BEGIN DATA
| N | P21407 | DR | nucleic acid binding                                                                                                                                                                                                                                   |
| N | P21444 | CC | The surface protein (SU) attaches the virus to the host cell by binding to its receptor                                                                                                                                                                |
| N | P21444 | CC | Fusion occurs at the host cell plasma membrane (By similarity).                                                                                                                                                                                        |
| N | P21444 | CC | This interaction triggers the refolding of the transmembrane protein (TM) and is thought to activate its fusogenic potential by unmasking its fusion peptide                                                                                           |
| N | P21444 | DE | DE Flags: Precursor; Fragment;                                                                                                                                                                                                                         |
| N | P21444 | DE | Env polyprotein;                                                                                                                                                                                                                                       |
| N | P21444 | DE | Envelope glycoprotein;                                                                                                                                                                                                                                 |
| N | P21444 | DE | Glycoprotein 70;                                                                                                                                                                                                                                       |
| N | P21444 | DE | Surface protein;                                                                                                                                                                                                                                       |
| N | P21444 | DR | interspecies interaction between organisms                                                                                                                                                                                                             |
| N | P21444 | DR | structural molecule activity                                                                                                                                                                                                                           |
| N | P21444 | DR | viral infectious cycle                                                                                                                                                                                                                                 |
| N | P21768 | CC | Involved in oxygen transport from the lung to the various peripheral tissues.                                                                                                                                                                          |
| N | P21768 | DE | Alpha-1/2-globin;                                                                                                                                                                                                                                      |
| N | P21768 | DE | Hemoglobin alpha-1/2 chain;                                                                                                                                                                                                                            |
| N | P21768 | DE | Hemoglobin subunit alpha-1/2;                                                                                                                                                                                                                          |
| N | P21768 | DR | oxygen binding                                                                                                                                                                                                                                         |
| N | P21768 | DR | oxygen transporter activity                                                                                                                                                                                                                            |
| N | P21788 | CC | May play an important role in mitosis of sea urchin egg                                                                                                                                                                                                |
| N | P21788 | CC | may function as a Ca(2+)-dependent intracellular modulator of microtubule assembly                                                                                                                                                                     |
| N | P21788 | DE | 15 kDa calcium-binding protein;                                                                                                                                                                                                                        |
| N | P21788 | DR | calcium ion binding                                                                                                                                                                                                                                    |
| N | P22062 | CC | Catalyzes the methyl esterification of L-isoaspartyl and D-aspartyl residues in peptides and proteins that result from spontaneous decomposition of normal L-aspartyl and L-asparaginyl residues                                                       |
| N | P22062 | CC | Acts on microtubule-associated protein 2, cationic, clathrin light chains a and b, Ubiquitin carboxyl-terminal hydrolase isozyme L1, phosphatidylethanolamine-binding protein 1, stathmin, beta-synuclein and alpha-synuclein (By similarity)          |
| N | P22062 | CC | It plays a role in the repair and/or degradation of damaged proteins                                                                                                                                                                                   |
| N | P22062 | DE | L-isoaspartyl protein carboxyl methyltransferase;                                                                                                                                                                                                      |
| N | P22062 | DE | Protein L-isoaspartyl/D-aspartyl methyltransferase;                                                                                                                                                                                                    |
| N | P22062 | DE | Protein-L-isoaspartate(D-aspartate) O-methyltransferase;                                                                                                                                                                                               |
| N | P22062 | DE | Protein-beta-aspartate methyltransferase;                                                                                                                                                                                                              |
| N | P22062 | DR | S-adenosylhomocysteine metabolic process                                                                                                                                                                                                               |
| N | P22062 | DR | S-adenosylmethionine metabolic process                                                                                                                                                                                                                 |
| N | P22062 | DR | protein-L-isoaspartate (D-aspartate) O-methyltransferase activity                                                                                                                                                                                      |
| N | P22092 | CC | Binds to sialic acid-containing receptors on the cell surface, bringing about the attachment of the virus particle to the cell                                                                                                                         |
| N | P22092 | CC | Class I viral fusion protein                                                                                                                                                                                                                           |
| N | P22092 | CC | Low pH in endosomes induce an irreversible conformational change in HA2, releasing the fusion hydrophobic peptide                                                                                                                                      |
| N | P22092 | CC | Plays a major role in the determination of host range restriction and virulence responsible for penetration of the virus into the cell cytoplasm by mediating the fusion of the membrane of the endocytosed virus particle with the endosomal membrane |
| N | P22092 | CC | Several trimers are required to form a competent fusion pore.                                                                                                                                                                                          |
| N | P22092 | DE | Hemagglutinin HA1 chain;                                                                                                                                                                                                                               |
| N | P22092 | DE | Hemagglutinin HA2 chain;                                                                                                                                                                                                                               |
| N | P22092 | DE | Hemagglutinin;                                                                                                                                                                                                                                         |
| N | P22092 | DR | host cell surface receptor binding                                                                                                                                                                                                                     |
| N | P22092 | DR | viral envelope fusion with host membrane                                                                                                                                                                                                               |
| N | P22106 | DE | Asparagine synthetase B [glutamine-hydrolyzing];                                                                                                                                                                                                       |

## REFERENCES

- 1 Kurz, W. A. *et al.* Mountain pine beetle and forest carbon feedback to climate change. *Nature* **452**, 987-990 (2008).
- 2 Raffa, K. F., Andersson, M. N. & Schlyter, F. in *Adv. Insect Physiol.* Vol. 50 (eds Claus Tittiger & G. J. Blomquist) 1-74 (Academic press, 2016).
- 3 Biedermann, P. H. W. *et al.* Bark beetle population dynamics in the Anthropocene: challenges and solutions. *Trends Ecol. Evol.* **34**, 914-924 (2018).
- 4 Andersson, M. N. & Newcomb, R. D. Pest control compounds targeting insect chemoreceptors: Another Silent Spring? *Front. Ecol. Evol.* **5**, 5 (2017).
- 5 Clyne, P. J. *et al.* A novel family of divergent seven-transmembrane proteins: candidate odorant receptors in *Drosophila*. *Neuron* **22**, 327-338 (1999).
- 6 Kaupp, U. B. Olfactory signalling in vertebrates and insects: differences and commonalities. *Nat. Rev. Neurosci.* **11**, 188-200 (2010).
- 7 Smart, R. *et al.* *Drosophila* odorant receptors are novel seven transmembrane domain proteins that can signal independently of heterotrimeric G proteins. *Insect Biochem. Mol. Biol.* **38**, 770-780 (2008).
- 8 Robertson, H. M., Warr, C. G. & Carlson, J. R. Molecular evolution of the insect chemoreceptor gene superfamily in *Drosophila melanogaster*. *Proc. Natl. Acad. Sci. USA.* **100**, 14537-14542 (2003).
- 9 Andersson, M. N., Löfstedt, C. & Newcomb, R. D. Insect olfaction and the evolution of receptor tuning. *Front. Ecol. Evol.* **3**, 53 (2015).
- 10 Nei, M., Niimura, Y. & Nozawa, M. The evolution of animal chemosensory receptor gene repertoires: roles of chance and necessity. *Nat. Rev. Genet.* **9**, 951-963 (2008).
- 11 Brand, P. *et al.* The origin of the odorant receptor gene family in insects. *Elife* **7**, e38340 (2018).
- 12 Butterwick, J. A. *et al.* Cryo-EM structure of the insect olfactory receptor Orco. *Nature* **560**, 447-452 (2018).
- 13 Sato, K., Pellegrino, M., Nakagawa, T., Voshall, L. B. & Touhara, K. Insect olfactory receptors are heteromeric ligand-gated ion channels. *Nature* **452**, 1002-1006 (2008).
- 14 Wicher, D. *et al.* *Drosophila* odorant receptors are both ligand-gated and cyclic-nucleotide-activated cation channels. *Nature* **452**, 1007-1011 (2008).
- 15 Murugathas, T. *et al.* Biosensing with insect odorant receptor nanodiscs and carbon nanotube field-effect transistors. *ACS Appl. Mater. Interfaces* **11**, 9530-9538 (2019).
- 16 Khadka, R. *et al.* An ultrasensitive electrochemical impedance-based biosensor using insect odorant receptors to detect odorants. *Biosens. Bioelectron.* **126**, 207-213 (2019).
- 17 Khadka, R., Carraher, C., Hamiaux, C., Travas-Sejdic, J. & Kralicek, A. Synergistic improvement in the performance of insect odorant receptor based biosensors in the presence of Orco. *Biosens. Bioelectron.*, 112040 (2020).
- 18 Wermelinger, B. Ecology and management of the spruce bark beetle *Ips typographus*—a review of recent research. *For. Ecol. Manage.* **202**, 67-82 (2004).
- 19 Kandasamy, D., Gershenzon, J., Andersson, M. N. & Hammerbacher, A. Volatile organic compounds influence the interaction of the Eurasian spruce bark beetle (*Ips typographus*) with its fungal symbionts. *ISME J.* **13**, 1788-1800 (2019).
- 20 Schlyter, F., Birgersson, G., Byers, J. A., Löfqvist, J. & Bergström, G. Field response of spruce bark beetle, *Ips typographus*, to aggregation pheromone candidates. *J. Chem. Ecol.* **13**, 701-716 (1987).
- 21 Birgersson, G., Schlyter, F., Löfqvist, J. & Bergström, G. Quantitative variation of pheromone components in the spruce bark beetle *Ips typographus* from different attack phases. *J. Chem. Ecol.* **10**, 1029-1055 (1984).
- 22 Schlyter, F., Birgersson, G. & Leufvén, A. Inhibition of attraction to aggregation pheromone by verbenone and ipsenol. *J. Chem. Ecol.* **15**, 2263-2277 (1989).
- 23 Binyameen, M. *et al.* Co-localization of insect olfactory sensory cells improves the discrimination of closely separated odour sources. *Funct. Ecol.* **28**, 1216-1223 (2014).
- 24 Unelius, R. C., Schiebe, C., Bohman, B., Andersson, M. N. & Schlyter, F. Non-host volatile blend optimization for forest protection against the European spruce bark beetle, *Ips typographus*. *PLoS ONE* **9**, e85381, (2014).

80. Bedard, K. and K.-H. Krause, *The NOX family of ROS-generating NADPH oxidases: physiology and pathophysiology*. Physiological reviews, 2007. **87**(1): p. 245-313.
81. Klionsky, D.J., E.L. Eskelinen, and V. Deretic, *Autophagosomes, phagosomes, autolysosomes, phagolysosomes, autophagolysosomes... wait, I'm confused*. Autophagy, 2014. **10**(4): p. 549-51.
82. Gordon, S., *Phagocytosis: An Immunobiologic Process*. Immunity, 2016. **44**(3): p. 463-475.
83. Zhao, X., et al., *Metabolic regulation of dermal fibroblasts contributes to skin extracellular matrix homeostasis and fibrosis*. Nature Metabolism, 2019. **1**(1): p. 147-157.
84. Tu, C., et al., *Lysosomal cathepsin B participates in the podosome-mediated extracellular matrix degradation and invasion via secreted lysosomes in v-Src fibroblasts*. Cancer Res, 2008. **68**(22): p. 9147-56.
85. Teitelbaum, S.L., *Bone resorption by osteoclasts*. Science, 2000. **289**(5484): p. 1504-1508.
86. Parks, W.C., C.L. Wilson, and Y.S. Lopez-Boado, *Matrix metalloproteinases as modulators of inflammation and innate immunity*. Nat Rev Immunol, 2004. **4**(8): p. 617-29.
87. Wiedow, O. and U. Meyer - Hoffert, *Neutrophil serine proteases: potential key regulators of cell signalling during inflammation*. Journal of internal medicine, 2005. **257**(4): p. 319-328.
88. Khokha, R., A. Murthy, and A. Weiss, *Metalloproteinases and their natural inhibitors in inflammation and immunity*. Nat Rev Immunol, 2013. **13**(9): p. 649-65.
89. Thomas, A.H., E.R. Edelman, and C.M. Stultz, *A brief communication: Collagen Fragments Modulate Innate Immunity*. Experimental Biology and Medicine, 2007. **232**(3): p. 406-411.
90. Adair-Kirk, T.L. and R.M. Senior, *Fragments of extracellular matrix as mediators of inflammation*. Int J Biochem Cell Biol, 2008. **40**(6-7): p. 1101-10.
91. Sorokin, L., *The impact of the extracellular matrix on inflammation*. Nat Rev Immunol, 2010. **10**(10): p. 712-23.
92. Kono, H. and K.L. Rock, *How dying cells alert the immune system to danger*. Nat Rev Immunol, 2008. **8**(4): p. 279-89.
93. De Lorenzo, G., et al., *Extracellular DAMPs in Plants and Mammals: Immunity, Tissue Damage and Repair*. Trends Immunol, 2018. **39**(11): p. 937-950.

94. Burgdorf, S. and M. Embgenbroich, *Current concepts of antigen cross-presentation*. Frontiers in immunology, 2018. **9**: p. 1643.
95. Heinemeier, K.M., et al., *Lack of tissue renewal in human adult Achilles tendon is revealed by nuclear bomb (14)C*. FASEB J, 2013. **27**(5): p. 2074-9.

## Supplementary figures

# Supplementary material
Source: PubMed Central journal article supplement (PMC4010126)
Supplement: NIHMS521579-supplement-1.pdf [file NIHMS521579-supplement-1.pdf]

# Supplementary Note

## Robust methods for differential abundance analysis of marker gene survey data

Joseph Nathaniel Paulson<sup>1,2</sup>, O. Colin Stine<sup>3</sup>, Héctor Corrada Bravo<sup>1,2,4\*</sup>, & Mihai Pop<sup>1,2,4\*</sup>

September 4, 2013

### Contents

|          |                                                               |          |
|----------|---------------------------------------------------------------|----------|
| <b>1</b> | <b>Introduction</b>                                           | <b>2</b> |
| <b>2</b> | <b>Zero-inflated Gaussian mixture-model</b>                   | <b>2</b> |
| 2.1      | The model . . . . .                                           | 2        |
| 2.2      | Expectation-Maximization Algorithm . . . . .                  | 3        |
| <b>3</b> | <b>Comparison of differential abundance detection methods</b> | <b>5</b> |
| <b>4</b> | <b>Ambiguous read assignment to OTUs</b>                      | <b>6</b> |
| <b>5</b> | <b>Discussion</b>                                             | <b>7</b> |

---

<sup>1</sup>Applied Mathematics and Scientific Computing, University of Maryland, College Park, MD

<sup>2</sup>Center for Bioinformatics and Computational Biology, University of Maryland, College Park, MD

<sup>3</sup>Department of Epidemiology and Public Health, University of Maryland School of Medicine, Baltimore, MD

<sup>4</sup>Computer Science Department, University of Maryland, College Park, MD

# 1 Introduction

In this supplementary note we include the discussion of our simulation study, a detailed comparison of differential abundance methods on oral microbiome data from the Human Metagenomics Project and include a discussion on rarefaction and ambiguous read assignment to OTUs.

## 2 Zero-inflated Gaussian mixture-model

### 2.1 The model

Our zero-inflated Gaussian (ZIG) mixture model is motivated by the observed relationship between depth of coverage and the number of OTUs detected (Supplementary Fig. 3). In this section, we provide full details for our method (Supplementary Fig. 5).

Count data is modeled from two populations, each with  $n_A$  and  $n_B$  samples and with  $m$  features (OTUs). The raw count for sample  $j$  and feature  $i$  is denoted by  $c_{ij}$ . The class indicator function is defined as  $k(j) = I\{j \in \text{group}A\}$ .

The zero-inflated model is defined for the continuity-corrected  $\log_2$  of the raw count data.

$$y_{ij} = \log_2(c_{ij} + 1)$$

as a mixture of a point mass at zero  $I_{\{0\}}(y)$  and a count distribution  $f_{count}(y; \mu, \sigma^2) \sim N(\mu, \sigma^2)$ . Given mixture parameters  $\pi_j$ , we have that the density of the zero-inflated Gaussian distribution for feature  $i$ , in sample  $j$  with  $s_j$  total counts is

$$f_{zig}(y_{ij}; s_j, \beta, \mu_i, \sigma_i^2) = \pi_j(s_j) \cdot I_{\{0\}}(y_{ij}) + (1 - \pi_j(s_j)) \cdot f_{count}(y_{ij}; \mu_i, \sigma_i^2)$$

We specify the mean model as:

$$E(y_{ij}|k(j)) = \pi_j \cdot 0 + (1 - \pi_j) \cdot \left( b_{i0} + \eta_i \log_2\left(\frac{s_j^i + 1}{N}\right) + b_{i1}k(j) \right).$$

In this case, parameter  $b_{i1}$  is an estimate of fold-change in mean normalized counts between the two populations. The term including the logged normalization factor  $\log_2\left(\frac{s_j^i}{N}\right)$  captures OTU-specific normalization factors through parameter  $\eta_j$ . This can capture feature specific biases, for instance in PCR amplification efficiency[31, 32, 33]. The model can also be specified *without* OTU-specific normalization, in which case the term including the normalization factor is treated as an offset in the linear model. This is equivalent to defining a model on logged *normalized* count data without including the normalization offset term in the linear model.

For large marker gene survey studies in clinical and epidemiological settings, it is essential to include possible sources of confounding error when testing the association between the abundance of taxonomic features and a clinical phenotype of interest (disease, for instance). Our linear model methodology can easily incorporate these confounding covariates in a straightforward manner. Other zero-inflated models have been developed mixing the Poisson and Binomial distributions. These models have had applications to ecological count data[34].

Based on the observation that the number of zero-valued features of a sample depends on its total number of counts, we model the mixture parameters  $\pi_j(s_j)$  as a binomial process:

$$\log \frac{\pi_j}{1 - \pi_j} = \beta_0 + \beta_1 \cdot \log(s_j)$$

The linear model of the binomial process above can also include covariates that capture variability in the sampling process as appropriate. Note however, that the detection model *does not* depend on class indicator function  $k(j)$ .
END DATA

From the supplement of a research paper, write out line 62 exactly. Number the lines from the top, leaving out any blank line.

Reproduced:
- 18 Wermelinger, B. Ecology and management of the spruce bark beetle *Ips typographus*—a review of recent research. *For. Ecol. Manage.* **202**, 67-82 (2004).